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Gravure Printing: A Comprehensive Overview

Gravure printing is a highly versatile and efficient printing process that is widely used for various applications, including magazines, packaging, postage stamps, and more.

In gravure printing, the image is engraved onto a cylinder in the form of cells, which are then filled with ink.

This detailed article will delve into the intricacies of the gravure printing process, covering the printing unit, inking system, doctor blades, impression rolls, drying systems, gravure cylinder preparation, halftone processes, press control systems, substrates, inks, and applications.

Gravure printing

The Printing Unit

The heart of a gravure press is its printing unit, which consists of several key components:

  • Ink Duct : The etched cylinder rotates in a solvent-based ink in the ink duct.
  • Doctor Blade : A metal blade reciprocates across the cylinder's surface to remove excess ink, ensuring only the cells contain ink.
  • Impression Roller : This rubber-covered roller supplies the pressure needed to transfer ink from the cells to the substrate.
  • Substrate Feed : The substrate is fed from reels into the nip between the engraved cylinder and the impression roller.
  • Drying System : After printing, the substrate passes through a heated drying system where solvents evaporate, and the ink dries. Each printing unit typically has its own integral drying equipment.

The Inking System

The choice of inking system is crucial in gravure printing. Various methods are employed:

  • Ink Trough : The simplest method involves placing the cylinder in an ink trough. However, it has limitations, such as poor ink agitation and unsuitability for high speeds.
  • Transfer Rollers : These rollers, not in direct contact with the cylinder, are used in some gravure machines printing from plates.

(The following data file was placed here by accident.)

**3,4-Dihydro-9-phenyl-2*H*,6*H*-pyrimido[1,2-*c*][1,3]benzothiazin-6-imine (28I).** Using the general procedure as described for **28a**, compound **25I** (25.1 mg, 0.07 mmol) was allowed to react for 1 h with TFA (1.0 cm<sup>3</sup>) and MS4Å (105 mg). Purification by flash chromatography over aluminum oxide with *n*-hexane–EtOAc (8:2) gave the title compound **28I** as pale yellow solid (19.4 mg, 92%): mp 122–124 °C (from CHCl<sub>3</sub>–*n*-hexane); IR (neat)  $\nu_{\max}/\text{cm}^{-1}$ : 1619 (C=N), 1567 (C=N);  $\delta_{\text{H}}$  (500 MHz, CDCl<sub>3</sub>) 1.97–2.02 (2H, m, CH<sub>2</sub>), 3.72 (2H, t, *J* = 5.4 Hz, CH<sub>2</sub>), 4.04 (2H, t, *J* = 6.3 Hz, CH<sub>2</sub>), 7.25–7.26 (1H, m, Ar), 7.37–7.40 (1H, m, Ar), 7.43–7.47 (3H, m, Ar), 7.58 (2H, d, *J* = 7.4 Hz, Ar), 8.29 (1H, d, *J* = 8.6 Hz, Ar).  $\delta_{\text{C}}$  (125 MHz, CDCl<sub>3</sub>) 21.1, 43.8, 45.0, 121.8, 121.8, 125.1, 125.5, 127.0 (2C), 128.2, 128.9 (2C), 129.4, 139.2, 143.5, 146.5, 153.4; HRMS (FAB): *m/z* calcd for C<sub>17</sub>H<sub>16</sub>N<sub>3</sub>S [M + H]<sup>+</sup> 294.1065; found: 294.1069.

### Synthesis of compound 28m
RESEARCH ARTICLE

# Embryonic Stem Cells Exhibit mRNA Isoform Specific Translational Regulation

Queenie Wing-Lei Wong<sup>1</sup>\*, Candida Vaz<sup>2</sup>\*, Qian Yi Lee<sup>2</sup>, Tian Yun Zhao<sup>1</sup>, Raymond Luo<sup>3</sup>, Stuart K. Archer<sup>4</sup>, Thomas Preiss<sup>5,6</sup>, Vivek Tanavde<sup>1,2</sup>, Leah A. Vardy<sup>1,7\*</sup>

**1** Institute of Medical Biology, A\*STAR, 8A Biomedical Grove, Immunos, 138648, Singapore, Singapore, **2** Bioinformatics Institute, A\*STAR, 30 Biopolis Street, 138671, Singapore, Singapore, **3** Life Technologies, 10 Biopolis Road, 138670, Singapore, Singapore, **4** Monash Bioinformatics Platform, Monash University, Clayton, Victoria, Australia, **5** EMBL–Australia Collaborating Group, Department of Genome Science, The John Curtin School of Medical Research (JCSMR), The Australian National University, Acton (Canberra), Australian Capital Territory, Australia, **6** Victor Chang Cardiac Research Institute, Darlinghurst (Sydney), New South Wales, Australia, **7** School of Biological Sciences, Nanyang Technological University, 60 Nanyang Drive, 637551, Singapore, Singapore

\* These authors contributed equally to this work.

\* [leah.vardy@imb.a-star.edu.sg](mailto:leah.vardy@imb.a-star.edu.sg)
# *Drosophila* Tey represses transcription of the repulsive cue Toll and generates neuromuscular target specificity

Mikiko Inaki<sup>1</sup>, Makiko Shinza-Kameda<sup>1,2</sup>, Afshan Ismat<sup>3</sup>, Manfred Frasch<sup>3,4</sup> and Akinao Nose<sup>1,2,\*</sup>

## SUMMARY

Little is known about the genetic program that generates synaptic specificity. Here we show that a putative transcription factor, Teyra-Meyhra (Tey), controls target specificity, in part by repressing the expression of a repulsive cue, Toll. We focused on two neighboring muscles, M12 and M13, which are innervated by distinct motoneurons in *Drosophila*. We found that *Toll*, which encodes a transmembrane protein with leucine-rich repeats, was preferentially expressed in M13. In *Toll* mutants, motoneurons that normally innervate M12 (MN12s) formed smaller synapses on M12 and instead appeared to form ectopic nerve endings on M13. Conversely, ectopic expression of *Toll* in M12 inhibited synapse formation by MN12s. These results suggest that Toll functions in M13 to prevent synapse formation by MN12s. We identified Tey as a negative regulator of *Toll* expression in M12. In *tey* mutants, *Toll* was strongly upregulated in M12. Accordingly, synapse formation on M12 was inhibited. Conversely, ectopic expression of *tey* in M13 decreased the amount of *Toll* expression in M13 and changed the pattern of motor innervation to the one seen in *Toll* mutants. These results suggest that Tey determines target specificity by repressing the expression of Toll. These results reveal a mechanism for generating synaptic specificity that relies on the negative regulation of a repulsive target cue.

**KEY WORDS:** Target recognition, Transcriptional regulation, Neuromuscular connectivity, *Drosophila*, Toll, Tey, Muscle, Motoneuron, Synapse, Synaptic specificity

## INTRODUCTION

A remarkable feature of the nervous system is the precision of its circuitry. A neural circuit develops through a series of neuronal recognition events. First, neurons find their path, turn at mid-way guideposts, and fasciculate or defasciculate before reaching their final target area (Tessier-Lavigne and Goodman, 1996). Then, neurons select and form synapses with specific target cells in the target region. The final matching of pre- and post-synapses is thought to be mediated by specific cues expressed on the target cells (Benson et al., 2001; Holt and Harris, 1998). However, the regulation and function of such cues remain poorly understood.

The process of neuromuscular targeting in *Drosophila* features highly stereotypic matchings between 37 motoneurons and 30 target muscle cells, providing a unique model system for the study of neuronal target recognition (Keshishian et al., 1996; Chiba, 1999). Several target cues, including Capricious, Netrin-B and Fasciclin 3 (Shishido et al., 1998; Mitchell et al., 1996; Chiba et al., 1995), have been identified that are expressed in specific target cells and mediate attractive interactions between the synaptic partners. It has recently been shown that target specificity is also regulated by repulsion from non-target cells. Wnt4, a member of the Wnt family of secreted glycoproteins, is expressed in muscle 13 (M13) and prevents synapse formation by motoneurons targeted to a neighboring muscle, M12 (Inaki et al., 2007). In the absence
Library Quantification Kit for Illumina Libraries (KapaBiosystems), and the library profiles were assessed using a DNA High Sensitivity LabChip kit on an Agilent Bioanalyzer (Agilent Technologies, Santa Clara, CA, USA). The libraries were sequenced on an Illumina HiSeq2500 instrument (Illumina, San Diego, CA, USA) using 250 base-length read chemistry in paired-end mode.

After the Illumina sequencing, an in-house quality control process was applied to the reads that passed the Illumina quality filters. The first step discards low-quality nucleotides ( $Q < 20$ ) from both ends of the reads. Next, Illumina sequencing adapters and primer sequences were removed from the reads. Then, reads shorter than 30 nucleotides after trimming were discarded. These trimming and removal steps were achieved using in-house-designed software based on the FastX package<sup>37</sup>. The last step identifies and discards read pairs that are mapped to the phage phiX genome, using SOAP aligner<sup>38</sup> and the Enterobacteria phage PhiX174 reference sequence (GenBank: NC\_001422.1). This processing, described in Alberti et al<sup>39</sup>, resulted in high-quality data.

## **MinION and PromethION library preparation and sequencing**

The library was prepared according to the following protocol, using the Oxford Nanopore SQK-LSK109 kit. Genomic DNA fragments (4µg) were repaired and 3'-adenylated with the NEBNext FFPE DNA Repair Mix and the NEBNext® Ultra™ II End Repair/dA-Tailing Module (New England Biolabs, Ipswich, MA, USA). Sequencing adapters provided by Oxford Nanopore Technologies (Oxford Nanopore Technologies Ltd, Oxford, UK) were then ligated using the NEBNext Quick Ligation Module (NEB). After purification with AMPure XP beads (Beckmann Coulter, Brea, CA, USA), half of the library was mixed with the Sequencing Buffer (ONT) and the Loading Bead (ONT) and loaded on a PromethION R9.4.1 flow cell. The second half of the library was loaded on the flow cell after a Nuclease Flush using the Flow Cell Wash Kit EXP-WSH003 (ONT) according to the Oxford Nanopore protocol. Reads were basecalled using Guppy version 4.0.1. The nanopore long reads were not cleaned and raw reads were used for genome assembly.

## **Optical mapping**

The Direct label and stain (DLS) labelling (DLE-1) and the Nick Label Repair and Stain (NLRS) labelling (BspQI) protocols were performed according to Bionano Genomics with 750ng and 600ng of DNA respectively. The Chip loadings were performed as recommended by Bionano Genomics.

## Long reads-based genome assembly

• Enclosed Duct Designs : Introduced in 1924, these designs allowed the use of more volatile solvents, leading to increased press speeds.
  • Weir System : This refinement of enclosed duct designs enables even higher press speeds by utilizing a circulation pump for continuous agitation.
  • Spray System : Ink is sprayed onto the cylinder, preventing it from drying out, and is suitable for high speeds.
  • Upward Ink Flow : Some systems pump ink upwards through an open-mouthed jet directly under the doctor blade, suitable for speeds of up to 25,000 revolutions per hour.

There are variations and combinations of these systems to optimize ink application and control.

Doctor Blades

Doctor blades play a critical role in gravure printing by removing surplus ink from the cylinder's surface, leaving ink only in the cells. Key points about doctor blades:

  • Blades are typically made from high-carbon flexible steel, approximately 0.15–0.25 mm thick.
  • Backing blades provide extra support to doctor blades, typically 0.76 mm thick.
  • Blades can be sharpened by hand or using a special grinding machine.
  • Blade angles and pressure exerted on the doctor blade influence the ink left in the cells.
  • Doctor blades may be adjusted using screws, air pressure, weights, or springs.
  • High-speed presses may use pre-doctoring systems for improved results and reduced cylinder wear.

The Impression Roll

The impression roll is a critical component in gravure printing:

  • It has a steel core with a rubber covering, 12–20 mm thick, typically made of relatively hard rubber (60–100 Shore A).
  • Roll hardness varies depending on the compressibility of the substrate.
  • Flexible rolls may be used to even out pressure across the width of the web.
  • Electrostatically assisted ink transfer can be employed to overcome speckling issues on rough papers.
  • The electrically conductive rubber in the impression roll encourages ink transfer even with imperfect contact.

Drying System

Drying is essential in gravure printing to ensure the ink is set properly. Various drying systems are used: